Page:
|By Paul Rincon |
Science reporter, BBC News, Houston
Scientists are investigating the possible threat posed to astronauts by inhaling lunar dust.
A study suggests the smallest particles in lunar dust might be toxic, if comparisons with dust inhalation cases on Earth apply.
Teams hope to carry out experiments on mice to determine whether this is the case or not.
Nasa has set up a working group to look into the matter ahead of its planned return to the Moon by 2020.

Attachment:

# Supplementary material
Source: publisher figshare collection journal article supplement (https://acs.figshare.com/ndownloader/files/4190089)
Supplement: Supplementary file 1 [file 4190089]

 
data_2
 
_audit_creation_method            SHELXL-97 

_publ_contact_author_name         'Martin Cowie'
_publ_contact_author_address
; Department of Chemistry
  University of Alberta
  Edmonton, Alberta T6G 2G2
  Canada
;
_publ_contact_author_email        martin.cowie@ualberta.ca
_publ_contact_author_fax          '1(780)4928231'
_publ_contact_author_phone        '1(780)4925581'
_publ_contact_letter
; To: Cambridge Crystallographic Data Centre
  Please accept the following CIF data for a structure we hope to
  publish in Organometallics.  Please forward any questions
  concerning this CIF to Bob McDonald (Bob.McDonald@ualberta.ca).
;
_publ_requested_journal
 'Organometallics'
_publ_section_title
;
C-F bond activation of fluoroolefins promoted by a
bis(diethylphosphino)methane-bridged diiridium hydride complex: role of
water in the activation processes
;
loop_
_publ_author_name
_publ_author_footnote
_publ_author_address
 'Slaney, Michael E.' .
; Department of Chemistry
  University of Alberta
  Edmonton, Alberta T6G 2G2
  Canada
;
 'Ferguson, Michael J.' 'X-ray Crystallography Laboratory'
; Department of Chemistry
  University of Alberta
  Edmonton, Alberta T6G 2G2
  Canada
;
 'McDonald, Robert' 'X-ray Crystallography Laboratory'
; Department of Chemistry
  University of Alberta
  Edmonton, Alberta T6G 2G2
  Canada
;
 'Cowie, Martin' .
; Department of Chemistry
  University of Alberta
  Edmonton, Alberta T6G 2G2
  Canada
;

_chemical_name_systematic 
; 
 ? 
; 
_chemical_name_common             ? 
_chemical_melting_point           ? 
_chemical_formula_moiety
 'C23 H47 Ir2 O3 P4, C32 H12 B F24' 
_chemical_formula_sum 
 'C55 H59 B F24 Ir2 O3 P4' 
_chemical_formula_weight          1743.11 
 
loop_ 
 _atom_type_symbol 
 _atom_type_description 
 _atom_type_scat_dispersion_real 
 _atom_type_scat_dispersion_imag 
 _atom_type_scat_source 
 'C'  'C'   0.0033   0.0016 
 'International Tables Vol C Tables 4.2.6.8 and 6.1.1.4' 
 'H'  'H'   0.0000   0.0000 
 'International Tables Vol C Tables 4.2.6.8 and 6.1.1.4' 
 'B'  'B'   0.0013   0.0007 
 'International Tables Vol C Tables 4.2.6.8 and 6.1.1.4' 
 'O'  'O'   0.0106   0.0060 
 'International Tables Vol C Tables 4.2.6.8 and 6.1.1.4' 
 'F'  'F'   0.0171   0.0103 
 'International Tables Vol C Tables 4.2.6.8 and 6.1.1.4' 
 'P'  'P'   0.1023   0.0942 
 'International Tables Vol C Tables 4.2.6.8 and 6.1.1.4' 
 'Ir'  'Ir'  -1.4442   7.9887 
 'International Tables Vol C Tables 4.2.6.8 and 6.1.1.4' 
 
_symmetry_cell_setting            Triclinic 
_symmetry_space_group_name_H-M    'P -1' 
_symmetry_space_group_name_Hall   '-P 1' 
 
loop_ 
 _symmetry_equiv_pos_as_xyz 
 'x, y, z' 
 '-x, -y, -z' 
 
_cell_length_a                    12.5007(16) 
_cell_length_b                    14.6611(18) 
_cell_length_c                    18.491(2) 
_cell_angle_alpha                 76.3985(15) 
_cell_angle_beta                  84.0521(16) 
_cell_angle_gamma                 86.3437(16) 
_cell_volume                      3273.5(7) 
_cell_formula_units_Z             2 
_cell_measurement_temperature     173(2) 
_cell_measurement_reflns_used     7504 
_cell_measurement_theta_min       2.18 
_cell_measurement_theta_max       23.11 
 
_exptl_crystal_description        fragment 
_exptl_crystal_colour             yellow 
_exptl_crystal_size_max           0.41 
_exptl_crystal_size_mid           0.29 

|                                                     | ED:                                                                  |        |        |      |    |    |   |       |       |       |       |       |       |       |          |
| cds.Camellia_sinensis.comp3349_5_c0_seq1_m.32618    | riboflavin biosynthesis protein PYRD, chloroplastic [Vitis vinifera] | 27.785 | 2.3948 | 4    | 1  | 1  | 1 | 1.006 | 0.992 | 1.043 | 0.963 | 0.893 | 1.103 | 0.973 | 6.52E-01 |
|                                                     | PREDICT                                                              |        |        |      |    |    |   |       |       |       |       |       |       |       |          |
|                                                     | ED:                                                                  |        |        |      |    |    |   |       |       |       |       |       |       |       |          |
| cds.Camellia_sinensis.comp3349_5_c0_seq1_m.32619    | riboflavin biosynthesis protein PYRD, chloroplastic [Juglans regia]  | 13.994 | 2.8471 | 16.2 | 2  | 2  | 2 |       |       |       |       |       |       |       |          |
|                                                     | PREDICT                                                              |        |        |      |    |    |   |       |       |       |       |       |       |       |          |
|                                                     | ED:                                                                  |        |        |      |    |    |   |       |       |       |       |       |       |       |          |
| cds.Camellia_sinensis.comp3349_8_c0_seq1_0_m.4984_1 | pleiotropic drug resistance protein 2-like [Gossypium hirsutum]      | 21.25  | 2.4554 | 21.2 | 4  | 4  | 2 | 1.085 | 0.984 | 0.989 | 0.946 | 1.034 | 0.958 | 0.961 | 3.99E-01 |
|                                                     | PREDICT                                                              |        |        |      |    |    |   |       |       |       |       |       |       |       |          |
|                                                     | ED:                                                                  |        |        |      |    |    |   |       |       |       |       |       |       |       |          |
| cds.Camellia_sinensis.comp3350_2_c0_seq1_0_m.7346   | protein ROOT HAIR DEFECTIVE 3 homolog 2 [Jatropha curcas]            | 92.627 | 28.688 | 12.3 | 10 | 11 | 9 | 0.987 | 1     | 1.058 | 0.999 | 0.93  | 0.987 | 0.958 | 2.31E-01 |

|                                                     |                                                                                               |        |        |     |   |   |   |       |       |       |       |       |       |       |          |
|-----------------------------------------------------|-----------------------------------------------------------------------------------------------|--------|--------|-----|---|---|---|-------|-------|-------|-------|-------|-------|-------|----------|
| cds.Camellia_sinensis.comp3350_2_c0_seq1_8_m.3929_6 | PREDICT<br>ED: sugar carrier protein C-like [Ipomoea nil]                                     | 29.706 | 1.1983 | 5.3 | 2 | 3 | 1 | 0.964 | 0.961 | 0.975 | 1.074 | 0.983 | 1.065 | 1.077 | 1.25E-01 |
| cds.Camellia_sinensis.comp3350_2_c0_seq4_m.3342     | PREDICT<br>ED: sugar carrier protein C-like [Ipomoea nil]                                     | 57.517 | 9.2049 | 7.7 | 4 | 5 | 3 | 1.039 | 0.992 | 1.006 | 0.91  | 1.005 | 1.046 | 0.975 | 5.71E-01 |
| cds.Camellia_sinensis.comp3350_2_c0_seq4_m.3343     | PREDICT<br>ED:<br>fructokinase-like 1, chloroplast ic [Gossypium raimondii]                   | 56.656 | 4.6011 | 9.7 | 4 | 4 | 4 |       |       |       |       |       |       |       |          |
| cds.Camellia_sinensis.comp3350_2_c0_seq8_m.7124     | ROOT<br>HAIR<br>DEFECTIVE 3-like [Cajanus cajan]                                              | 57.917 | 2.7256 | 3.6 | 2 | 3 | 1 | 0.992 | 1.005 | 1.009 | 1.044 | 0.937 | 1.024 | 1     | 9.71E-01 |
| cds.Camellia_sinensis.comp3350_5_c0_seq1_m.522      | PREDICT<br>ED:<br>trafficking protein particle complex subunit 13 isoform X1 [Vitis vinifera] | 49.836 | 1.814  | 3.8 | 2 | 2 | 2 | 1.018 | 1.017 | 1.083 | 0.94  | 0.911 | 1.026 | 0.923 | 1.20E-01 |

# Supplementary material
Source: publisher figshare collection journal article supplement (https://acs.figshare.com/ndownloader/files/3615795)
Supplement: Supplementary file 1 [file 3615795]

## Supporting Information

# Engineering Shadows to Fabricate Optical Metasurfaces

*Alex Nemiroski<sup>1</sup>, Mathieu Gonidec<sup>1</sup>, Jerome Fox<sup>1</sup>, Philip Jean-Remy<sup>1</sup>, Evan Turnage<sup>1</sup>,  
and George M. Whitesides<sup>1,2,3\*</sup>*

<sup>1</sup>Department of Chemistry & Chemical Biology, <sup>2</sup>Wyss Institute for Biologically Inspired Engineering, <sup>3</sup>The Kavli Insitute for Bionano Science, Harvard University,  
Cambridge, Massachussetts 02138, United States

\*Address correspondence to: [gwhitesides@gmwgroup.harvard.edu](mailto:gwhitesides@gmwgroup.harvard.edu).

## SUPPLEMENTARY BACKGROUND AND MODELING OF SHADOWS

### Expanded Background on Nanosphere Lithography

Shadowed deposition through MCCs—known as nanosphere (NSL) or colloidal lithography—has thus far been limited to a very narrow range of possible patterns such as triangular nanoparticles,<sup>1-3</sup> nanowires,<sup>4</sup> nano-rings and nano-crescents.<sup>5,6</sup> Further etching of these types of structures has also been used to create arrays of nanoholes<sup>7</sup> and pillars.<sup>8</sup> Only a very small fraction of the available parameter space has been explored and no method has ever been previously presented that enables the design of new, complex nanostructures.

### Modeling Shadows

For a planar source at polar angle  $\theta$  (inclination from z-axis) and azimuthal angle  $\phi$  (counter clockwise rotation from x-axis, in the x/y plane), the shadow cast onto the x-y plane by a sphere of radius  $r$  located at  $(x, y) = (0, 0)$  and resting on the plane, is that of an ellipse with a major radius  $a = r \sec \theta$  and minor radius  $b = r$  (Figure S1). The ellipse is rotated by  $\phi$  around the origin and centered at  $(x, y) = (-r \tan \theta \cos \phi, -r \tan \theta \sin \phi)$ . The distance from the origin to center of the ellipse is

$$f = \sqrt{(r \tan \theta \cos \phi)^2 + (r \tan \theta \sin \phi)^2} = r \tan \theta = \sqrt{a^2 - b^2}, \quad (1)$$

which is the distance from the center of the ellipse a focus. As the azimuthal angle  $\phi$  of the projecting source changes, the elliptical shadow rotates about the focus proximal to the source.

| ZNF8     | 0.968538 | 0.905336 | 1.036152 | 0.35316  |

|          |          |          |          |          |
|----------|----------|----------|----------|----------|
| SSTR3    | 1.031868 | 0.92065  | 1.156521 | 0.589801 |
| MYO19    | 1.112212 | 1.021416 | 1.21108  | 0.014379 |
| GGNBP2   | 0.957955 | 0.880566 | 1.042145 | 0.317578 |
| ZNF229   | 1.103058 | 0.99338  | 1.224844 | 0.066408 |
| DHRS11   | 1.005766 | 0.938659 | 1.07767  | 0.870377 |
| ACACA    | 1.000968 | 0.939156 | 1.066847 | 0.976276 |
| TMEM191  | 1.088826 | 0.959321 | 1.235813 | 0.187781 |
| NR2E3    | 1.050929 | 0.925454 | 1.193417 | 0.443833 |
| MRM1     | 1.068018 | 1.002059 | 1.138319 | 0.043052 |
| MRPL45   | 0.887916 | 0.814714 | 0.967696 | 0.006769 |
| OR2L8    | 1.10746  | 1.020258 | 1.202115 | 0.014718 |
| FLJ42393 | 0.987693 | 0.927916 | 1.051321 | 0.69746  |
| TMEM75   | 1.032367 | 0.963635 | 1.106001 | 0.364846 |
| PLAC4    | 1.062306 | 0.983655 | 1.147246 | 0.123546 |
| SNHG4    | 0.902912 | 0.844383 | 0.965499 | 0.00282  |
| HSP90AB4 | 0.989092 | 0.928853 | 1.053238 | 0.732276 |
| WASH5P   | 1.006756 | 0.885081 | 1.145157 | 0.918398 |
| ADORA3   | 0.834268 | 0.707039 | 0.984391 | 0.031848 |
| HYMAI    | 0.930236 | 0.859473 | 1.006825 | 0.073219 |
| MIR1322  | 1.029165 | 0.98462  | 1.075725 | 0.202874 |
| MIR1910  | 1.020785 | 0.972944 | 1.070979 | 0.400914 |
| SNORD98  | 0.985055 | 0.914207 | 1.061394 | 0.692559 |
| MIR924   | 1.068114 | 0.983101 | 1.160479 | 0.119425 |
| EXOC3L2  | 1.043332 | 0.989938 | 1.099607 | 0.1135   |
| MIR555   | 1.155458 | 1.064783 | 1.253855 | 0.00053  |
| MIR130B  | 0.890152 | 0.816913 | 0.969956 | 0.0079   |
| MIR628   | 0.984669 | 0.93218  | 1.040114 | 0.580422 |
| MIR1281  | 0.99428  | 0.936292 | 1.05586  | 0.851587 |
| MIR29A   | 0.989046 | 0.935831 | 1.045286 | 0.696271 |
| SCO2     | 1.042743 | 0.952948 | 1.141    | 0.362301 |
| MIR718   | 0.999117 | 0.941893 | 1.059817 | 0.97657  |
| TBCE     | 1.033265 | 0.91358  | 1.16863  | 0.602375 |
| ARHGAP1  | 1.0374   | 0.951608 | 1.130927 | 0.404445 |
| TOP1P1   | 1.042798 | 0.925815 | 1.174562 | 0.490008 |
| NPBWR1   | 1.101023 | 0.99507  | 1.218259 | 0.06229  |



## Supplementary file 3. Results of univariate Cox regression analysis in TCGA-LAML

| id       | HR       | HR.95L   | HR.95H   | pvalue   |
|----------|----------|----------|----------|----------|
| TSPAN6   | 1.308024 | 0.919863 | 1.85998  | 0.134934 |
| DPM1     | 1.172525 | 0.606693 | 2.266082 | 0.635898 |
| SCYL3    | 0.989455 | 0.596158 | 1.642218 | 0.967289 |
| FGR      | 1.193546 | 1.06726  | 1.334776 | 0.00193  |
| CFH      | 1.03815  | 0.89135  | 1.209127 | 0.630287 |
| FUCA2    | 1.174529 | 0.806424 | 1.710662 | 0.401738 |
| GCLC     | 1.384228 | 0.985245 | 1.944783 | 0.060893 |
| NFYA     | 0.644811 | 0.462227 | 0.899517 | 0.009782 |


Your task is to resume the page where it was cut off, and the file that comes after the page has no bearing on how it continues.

A team at the University of Tennessee (UT) in Knoxville is also looking at ways of using magnets to filter dust from the living environments of lunar bases and spacecraft.
The health effects of inhaling lunar dust have been recognised since Nasa's Apollo missions.
Astronaut Harrison H (Jack) Schmitt, the last man to step on to the Moon in Apollo 17, complained of "lunar dust hay fever" when his dirty space suit contaminated the habitation module after an energetic foray on the lunar surface.
The US space agency (Nasa) is now keen to assess the effects of more prolonged exposure and to address the problem before humans are sent back to the Moon in just over a decade.
Details of the work were presented to the Lunar and Planetary Science Conference in Houston, Texas.